Red team the red team
How would you act if you wanted this government to thrive? And why can't this government act like that?
In July 2012, the prime minister of Canada was a year past the last election and three years from the next, making small adjustments while Canadians’ frustration with his government grew large. Stephen Harper was his name, and he began the month by adjusting his cabinet in ways that seemed almost to advertise his team’s weakness (Oda out, Fantino and Valcourt up. The names alone conjure an era long vanished, don’t they?).
In a ski village in Quebec, the instrument of the prime minister’s eventual undoing was meeting with friends to plan the incumbent’s defeat.
Justin Trudeau was his name. “We got together at the end of July in Mont Tremblant,” Trudeau wrote later in his memoir. “My family met with a team of people from across the country, whom we had carefully selected for their talent, energy and experience.”
The details of the Mont Tremblant session that laid the groundwork for Trudeau’s candidacy for Liberal leader are interesting. I’ve long thought Trudeau’s memoir should actually be read by more people who own a copy. But the gist of it is that much of the Trudeau group’s reflection was based on keen understanding of Harper’s weakness. That’s how such gatherings go. You enter any fight with strong beliefs. But you deploy your strengths in a way designed to highlight and exploit your opponent’s weakness.
In July 2022, the prime minister of Canada is a year past the last election and three years from the next. He seems trapped inside a tiny vocabulary of thought and action. We’ll get to his ludicrous response to the passport and airport backlogs, which seems as ineffectual as it is entirely characteristic.
Surely by now, somewhere in Canada, there have already been meetings like the Mont Tremblant strategy weekend, in which people with talent and energy imagine a Canadian government without Justin Trudeau. And for how much longer will such meetings be convened only by Conservatives?
Six months ago I speculated about whether Trudeau would still be prime minister at the end of 2022. It was precocious speculation even then, and I couched it in 90 layers of what-if and to-be-sure. In 2012, after all, Stephen Harper didn’t quit, he stuck around and ran again three years later. That’s still a path that’s easy to imagine for Trudeau.
But it’s funny how time slips away from you, and whether Trudeau plans to quit or stay, he needs to be making big decisions right about now.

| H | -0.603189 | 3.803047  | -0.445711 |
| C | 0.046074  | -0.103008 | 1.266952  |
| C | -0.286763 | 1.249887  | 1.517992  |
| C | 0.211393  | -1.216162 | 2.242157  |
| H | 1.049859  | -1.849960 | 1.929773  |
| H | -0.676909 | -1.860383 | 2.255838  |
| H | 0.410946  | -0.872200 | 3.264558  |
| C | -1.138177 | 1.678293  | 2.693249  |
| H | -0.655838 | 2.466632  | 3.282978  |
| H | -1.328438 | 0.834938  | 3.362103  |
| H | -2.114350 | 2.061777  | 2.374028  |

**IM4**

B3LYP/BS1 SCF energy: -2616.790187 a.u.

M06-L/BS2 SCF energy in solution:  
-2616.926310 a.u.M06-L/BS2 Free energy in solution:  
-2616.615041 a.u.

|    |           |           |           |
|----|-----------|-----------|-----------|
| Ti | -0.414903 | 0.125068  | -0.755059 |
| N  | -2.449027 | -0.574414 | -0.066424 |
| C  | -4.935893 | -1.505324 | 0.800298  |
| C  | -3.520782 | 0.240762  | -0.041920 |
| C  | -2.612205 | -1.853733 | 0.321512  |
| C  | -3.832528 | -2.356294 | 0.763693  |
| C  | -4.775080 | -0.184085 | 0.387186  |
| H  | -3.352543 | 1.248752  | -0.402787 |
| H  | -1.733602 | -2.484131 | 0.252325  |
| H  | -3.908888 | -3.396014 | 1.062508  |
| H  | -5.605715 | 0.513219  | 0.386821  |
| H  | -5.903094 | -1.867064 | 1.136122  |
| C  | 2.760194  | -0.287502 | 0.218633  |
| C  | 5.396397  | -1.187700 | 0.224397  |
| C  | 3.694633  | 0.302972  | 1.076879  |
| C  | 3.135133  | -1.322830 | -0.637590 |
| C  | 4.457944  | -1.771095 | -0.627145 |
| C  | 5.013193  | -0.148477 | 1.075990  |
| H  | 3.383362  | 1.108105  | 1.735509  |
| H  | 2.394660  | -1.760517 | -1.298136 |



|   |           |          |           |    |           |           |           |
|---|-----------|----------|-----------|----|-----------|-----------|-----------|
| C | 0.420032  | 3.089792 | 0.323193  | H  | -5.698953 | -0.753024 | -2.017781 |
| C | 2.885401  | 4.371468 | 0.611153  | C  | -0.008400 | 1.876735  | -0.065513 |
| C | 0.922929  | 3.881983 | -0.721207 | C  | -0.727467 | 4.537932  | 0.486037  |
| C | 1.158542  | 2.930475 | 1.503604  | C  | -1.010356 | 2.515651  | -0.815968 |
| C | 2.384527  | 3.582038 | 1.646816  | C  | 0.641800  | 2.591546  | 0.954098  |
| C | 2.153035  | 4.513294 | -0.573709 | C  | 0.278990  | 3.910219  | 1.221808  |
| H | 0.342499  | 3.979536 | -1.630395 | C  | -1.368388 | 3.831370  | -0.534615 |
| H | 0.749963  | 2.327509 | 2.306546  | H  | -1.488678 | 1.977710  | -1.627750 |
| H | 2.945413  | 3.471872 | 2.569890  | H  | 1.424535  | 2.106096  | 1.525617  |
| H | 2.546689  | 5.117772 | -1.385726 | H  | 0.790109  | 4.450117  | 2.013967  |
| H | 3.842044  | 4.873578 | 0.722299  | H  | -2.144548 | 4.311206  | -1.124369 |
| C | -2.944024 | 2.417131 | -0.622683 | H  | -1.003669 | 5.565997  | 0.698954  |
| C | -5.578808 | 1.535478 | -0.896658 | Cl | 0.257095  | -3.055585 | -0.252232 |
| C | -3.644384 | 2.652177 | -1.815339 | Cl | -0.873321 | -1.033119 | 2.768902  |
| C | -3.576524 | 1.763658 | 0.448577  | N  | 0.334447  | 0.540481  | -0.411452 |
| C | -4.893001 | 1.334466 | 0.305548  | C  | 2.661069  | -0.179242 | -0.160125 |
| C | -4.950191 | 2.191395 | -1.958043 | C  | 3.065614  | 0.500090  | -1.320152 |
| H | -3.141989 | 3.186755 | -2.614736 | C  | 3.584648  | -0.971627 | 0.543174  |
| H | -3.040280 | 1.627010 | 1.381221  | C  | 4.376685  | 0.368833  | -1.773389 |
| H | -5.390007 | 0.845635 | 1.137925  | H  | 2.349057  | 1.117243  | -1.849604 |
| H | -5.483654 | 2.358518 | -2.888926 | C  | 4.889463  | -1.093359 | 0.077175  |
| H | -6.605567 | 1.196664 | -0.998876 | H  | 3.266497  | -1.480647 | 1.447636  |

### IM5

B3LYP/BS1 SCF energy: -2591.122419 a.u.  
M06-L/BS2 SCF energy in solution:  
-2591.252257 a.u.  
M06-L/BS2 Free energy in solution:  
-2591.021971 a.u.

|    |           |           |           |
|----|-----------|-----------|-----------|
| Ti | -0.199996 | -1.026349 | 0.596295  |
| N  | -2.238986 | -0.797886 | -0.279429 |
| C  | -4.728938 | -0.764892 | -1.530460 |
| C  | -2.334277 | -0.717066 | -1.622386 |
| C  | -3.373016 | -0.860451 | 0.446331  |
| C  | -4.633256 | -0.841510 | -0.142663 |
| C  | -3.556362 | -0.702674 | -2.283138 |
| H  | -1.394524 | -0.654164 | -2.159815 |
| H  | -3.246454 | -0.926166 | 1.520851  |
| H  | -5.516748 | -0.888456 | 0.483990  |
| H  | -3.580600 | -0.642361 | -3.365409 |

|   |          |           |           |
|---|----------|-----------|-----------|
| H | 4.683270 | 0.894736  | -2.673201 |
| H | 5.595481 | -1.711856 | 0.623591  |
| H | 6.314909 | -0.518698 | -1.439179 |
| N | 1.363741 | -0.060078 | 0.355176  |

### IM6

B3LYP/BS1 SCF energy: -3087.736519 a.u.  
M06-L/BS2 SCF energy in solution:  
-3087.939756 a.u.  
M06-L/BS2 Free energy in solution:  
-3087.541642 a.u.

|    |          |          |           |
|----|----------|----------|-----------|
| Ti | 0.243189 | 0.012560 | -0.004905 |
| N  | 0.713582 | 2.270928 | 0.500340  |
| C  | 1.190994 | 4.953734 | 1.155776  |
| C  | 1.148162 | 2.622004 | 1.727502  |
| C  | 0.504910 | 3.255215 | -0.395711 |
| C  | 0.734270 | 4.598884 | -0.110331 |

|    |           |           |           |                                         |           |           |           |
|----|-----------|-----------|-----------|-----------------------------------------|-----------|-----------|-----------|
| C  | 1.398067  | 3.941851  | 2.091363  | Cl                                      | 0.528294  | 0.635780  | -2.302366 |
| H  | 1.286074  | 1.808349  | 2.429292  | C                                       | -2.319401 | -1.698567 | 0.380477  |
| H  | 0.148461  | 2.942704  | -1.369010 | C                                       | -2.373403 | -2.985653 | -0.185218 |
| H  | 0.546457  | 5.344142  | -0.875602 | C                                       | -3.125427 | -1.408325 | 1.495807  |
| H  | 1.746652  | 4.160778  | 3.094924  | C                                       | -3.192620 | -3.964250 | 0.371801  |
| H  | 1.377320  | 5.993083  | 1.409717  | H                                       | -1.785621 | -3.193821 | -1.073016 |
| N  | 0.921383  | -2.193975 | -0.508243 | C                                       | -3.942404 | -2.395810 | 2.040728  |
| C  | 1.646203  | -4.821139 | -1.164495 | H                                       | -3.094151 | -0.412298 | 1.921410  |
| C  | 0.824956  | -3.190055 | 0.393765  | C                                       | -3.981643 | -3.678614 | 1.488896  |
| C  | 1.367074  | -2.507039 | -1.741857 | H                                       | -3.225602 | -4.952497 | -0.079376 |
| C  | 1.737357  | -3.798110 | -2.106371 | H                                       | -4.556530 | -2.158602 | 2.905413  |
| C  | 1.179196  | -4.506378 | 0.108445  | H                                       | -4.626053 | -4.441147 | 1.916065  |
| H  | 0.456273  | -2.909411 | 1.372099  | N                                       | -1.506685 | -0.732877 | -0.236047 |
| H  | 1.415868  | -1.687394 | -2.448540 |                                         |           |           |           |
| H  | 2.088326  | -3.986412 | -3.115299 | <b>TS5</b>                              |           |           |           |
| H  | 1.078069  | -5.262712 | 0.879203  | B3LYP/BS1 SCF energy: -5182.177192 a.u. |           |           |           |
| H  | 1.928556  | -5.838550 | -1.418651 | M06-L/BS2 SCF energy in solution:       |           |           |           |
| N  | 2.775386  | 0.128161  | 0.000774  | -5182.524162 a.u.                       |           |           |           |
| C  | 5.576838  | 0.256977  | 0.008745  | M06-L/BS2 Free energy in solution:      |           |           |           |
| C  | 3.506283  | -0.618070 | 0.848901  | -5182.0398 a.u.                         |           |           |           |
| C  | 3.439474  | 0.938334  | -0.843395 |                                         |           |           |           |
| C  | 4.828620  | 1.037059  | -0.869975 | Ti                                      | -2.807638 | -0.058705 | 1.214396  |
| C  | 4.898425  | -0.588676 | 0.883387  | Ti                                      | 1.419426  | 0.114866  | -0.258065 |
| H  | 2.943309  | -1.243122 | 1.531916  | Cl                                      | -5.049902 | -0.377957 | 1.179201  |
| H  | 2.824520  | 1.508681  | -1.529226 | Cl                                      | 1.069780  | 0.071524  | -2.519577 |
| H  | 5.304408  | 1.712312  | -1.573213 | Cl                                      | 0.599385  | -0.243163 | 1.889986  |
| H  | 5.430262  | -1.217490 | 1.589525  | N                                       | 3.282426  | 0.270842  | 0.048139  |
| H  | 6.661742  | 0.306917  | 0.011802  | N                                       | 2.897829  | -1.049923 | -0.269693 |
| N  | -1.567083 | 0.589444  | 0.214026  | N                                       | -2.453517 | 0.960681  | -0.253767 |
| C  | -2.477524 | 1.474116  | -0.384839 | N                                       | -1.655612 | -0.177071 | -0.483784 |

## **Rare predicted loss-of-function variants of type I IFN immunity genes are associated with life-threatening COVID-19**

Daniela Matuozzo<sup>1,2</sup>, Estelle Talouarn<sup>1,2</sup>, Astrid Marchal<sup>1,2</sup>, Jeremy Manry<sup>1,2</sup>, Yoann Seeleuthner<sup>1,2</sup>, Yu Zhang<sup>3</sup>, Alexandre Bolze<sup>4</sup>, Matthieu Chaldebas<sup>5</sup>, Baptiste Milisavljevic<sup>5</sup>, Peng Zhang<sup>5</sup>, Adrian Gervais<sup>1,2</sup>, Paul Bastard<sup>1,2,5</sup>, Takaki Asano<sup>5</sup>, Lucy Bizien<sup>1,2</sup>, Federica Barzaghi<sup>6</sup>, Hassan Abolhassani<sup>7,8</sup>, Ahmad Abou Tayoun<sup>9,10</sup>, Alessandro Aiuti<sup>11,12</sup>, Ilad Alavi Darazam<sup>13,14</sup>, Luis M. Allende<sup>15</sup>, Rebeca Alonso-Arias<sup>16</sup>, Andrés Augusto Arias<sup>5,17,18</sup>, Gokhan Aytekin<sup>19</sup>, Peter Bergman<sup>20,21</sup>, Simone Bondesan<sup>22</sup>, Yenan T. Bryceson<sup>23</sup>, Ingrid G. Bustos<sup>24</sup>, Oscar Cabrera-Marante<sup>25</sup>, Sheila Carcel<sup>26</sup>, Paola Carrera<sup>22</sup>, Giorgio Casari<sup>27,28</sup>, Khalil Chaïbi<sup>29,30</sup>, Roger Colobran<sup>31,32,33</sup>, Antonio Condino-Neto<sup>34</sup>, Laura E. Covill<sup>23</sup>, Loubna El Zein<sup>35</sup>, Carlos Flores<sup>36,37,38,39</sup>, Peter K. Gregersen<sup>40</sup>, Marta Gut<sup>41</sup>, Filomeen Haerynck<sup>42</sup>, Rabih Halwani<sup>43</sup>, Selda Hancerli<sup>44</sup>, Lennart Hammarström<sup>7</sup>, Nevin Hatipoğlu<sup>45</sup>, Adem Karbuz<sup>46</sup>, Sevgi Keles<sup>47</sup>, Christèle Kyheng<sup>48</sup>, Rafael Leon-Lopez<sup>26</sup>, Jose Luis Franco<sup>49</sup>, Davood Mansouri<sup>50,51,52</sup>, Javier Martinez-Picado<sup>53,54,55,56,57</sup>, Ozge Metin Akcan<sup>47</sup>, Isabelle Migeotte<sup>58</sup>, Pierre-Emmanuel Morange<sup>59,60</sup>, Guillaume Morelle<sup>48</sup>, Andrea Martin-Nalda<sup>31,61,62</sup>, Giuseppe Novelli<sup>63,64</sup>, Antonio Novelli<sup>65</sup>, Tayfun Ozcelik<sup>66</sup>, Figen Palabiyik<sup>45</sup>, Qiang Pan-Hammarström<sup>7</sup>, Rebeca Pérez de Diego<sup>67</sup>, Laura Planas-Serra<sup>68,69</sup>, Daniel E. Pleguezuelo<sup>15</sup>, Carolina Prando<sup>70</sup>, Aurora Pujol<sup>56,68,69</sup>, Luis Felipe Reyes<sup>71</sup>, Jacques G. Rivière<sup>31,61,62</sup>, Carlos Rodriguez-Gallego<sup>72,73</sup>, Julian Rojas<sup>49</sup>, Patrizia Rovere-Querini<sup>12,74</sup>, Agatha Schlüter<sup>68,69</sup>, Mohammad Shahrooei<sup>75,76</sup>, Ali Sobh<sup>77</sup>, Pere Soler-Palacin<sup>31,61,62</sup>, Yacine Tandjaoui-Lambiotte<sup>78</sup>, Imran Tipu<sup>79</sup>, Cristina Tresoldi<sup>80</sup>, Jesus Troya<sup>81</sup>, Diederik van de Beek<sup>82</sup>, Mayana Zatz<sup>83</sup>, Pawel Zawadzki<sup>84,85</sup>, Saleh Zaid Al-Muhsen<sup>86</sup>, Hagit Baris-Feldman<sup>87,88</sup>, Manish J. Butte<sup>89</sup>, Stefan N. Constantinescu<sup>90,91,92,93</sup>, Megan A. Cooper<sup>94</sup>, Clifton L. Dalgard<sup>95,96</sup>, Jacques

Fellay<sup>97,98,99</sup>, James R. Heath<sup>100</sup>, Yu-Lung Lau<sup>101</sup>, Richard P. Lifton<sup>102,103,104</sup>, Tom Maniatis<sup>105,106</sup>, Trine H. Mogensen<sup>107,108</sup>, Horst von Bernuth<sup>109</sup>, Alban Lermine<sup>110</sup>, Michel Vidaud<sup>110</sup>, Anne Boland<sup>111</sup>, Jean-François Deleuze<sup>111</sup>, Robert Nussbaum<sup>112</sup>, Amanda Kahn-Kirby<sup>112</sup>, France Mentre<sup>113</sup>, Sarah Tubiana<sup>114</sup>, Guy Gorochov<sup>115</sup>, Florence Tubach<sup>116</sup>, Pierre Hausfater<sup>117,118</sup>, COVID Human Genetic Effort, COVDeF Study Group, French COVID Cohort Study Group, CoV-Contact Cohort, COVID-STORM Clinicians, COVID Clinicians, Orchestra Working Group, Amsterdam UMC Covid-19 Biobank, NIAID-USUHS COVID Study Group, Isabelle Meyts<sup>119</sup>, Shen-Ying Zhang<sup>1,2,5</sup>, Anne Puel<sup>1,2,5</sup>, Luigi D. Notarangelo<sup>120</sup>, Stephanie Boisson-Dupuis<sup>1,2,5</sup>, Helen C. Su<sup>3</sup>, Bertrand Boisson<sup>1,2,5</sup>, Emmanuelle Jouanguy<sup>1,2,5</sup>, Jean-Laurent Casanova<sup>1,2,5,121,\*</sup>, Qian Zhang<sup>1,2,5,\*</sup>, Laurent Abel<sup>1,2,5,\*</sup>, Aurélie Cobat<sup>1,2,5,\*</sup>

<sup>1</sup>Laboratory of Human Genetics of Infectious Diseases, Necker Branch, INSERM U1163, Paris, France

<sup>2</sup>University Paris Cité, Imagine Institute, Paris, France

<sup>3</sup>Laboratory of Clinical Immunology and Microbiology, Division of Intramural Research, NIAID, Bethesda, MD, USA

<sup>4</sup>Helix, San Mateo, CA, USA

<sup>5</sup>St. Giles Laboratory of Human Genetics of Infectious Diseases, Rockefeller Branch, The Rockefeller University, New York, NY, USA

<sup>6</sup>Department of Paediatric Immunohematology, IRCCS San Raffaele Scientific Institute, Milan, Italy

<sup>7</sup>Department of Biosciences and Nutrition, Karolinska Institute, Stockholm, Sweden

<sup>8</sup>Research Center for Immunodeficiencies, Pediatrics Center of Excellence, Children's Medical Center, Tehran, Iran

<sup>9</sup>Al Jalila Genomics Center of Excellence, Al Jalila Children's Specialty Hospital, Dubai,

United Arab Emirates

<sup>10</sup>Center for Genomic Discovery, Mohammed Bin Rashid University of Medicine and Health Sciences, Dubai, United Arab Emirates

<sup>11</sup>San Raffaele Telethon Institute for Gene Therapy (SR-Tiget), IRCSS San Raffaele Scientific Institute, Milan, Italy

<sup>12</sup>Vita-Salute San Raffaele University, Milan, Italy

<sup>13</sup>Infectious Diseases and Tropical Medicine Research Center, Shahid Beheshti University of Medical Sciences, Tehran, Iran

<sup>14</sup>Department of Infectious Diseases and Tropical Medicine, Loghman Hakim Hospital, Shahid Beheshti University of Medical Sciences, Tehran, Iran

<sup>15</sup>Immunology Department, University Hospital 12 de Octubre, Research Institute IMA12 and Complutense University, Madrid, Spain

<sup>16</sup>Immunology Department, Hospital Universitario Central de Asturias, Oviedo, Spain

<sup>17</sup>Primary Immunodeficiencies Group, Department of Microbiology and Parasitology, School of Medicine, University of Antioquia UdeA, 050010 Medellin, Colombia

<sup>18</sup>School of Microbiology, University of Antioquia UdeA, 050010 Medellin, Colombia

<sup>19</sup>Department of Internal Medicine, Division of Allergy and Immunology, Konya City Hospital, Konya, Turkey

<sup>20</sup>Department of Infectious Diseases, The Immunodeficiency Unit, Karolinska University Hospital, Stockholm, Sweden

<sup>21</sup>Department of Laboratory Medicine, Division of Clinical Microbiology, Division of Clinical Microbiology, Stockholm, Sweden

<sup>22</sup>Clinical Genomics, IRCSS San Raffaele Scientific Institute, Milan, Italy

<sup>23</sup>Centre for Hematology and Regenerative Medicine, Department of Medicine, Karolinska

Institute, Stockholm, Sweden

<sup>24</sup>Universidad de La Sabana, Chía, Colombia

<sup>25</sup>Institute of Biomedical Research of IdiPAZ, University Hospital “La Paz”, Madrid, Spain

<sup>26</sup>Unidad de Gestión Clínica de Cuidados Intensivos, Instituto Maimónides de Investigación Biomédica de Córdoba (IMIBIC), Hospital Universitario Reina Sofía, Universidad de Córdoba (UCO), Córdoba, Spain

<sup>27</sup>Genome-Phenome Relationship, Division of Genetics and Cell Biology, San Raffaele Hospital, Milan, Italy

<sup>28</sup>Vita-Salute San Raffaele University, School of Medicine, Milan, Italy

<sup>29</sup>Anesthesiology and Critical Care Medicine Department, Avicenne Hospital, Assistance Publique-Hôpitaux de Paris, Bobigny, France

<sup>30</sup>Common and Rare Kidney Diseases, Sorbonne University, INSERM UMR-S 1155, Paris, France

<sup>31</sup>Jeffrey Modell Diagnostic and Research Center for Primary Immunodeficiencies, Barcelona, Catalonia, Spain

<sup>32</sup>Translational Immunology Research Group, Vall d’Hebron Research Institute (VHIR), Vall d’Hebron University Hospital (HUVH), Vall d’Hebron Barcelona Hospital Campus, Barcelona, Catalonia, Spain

If he’s going to quit he should quit. Paul Martin, Kim Campbell and John Turner had their flaws, but they also faced electorates too quickly because their predecessors waited until very late to leave the field. Of the three only Martin eked out an initial election victory, and it left him weakened for the rematch.
If Trudeau is going to stay, he needs to start thinking about how to face voters with something more than exhaustion, risk aversion and denial.
Of course the Liberal plan is to face voters with exhaustion, risk aversion, denial and yet another referendum on Canadian values. Trudeau has been running against Donald Trump since Trump was elected. And it kind of works! Warning voters against a regressive apocalypse has kept Trudeau in — sorry, near — 24 Sussex Drive through two re-elections. But the returns on the strategy are diminishing. The Liberals’ share of the popular vote declined in 2019 and 2021. The only leader since Confederation to hold power with a smaller share of the popular vote than Trudeau in 2019 was Trudeau in 2021. He remains the legitimate prime minister, but the trend line isn’t great. And the last time Liberal parties fell out of power in a big theatre in Canada — in the Quebec and Ontario elections of 2018 — they fell to historic lows.
All of these thoughts occured to me when Trudeau wrote to Canadians from Kigali on Saturday to announce he is adjusting his cabinet in ways that seemed almost to advertise his team’s weakness.
This newsletter is subscriber-supported. In the rest of today’s post, I discuss the latest symptoms of a pretty deep malaise in the Trudeau government, and I wonder what would happen if somebody from outside, with a mandate to speak truth to power, got a look inside this government.